Tuesday, May 18, 2021

The cohesive and conflict dimensions of religion in India

 The cohesive and conflict dimensions of religion in India

India is characterized by more ethnic and religious groups than most other countries of the world. Aside from the much noted 2000-odd castes, there are eight "major" religions, 15-odd languages spoken in various dialects in 22 states and nine union territories, and a substantial number of tribes and sects. Three ethnic or religious conflicts have stood out of late: two occurred in the states of "Assam and Punjab; another, the more widely known Hindu-Muslim conflict, continues to persist. The Assam problem is primarily ethnic, the Punjab problem is based on both religious and regional conflicts, while the HinduMuslim problem is predominantly religious.


The three conflicts mentioned, Assam has attracted the largest attention of late. Not since the 1947 partition of India have so many people been killed and uprooted as a result of ethnic or communal violence. By most available reports now, mob violence has claimed four thousand lives, rendered about 200,000 homeless, and forced a large number to leave the state for protection elsewhere. The immediate occasion of this bloodshed was the election held in February, though conflict and tension have been present for the last three years. In Assam, three culturally disparate groups have been in collision: the Assamese, the Bengalis (both of which have segments of Hindus and Muslims) and the tribals, which are localized communities.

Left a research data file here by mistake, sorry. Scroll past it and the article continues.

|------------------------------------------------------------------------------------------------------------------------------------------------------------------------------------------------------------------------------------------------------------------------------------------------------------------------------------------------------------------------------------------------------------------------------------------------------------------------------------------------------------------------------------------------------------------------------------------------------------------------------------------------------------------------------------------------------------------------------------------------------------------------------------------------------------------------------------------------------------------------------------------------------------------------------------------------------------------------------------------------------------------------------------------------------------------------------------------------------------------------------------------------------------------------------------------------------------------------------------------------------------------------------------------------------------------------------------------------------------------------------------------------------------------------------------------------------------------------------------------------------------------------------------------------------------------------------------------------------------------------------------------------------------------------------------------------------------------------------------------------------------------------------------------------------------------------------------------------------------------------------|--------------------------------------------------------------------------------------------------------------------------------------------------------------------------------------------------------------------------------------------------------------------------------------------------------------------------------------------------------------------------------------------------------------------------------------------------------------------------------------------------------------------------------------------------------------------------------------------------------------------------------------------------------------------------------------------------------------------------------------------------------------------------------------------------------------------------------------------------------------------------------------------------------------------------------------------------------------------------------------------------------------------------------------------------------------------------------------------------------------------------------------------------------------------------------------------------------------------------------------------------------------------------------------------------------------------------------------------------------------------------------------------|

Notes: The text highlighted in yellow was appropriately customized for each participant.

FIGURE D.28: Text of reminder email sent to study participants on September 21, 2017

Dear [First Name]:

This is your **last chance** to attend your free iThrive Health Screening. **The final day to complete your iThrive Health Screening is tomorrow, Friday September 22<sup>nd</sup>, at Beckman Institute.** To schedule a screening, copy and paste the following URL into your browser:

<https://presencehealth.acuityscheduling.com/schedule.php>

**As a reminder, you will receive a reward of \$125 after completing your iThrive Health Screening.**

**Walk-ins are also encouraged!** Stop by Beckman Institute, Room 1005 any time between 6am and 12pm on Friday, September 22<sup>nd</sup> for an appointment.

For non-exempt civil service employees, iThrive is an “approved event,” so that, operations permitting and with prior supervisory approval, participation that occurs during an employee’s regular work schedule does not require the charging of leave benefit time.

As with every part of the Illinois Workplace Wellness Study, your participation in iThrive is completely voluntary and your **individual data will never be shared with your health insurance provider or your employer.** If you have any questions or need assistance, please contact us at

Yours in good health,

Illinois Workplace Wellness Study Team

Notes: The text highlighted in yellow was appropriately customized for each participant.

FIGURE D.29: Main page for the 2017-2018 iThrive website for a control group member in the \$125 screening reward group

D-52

Historical Pattern of Migration 

Assam has had the highest rate of population growth in India since the beginning of this century. Migration into the state accounts for a substantial part of this growth. Most migrants came from Bengal, including what is now Bangladesh (known as East Bengal before the 1947 partition and East Pakistan from 1947-71). Bengali migrants were both Hindus and Muslims. Bengali Hindus started arriving after the British created tea plantations in the middle of the nineteenth century. Because of their educational advantage over Assamese, they were better suited to man the growing administrative and professional machinery.

Bengali Muslims on the other hand, were mainly peasants. They originated predominantly in East Bengal, a highly populated area with low agricultural productivity and a fragmented landholding pattern incapable of supporting large families. In contrast, Assam was less populated, many areas were unsettled, and there was less pressure on the land. Bengali peasants made large tracts of waste, flooded and forested land habitable and productive along the southern bank of the Brahmaputra River, an area that is also populated by indigenous tribal groups, especially the Lalung.

Overall Bengali dominance began to manifested itself in various ways. They held urban professions, their language was more developed and widely used in Assam, and their educational and even numerical superiority became more than evident. With the halting spread of education in the twentieth century, the Assamese middle class slowly emerged, and with the growth of the Assamese middle class, the seeds of what has been called "little nationalism" were sown in Assam.